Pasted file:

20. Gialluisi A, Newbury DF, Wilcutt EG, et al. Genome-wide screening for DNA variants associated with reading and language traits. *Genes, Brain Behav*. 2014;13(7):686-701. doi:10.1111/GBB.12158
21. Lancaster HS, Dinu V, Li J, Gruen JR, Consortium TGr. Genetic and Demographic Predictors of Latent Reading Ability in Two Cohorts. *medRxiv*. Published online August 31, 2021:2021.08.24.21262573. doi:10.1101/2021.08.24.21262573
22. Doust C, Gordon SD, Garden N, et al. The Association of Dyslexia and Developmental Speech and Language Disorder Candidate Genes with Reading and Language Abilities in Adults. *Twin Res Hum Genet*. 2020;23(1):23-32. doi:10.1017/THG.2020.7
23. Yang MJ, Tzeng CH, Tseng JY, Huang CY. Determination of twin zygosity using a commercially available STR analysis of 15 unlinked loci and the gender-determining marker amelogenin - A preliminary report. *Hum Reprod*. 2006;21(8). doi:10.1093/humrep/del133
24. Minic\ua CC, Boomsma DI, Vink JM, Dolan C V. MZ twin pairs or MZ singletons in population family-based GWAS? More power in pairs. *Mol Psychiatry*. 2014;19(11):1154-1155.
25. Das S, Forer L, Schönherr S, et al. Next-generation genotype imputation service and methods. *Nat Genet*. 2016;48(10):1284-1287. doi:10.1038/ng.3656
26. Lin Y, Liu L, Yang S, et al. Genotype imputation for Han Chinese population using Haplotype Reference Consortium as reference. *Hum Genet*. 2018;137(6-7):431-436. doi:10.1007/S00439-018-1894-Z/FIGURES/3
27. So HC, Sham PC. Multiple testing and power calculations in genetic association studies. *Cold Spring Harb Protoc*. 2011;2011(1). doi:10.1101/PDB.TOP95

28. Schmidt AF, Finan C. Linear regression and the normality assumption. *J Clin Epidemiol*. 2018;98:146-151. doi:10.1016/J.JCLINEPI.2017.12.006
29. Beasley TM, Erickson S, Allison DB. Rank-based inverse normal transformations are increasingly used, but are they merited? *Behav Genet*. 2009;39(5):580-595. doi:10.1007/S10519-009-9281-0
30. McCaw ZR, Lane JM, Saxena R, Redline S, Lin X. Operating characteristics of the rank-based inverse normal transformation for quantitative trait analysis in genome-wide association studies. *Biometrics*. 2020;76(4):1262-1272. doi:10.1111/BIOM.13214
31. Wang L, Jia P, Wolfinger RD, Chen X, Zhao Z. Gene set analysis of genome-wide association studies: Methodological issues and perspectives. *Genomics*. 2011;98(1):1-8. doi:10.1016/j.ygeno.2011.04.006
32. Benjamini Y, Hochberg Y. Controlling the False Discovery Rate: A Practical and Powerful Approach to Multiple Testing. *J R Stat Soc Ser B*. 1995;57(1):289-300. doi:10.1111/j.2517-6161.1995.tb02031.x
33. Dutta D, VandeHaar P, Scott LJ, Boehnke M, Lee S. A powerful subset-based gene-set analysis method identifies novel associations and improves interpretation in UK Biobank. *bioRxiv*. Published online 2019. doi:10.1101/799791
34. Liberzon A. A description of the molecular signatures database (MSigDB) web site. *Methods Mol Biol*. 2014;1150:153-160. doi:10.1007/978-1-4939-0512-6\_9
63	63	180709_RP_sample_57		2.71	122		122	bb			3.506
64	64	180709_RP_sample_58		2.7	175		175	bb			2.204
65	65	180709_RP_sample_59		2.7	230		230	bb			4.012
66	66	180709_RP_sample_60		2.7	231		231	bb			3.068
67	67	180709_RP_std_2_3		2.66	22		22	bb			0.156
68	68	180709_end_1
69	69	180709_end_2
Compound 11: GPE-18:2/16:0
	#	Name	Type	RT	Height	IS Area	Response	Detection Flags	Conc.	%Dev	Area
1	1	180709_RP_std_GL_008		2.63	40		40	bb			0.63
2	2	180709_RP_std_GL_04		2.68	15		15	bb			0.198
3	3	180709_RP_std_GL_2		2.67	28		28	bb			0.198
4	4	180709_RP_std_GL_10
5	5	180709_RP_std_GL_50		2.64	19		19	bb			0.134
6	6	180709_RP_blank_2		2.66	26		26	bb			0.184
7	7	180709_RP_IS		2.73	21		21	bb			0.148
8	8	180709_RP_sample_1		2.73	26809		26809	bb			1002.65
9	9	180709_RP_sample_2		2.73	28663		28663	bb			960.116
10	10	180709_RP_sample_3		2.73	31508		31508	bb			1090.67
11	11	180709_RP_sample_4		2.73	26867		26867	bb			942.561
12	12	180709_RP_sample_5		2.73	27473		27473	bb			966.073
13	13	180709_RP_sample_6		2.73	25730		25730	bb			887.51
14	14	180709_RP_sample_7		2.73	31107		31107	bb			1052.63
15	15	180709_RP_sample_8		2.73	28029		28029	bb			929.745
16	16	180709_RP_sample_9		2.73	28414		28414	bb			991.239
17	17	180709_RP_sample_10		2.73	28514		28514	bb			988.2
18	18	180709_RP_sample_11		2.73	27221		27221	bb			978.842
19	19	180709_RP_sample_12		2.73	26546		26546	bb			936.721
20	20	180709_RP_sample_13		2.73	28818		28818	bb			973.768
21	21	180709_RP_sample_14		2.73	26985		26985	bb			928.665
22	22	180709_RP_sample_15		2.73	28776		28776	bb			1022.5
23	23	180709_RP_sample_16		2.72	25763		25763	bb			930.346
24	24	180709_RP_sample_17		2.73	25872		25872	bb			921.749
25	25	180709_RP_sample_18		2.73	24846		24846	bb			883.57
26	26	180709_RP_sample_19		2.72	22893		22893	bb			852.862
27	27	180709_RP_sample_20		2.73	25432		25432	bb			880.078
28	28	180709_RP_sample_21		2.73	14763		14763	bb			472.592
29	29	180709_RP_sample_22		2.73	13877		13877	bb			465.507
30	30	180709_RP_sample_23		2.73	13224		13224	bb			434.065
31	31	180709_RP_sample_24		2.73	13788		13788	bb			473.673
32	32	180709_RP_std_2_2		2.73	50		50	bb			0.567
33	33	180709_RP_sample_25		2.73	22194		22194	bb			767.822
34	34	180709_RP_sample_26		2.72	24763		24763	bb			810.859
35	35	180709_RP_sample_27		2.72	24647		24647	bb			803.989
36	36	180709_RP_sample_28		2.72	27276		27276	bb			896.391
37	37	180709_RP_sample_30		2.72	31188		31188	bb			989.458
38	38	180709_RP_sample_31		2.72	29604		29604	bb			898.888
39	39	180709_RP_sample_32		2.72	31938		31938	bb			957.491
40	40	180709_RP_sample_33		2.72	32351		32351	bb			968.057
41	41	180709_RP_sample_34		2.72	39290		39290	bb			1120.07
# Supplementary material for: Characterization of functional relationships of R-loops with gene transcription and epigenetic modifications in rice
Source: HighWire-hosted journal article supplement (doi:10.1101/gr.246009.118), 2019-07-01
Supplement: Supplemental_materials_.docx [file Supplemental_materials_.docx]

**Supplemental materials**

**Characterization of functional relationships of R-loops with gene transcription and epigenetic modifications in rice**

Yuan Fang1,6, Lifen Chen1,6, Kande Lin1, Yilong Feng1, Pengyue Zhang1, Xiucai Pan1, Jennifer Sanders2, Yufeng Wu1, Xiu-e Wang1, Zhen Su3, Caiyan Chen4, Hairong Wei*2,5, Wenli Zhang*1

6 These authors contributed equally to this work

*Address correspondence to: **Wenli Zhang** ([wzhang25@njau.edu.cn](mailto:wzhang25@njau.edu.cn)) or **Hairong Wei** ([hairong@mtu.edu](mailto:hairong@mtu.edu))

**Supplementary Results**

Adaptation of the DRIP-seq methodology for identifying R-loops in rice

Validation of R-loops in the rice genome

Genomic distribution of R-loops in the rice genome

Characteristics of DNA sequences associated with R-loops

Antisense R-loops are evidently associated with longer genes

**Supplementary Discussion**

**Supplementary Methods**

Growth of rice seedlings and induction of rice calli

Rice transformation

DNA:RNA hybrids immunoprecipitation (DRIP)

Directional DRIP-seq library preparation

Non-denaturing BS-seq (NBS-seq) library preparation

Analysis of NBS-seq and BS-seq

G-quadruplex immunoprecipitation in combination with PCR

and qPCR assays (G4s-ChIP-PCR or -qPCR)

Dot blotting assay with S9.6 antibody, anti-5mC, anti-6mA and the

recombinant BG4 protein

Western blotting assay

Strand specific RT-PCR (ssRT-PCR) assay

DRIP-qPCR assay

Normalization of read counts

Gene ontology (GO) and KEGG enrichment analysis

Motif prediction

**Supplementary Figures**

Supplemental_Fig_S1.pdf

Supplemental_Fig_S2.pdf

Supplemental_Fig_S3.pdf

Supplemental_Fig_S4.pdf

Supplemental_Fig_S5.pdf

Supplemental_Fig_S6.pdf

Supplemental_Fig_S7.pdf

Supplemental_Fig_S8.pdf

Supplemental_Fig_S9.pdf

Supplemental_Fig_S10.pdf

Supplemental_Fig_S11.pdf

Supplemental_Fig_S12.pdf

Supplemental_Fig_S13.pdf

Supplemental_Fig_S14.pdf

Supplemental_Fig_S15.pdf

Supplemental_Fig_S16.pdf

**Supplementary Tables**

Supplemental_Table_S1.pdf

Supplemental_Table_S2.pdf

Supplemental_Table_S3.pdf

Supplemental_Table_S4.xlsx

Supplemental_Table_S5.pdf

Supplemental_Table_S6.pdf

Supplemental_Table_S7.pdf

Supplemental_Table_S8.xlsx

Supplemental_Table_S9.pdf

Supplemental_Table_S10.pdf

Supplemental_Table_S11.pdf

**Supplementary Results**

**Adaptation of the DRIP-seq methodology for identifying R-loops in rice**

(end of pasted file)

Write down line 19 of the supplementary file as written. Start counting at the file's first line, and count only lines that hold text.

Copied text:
66	66	180709_RP_sample_60		2.7	231		231	bb			3.068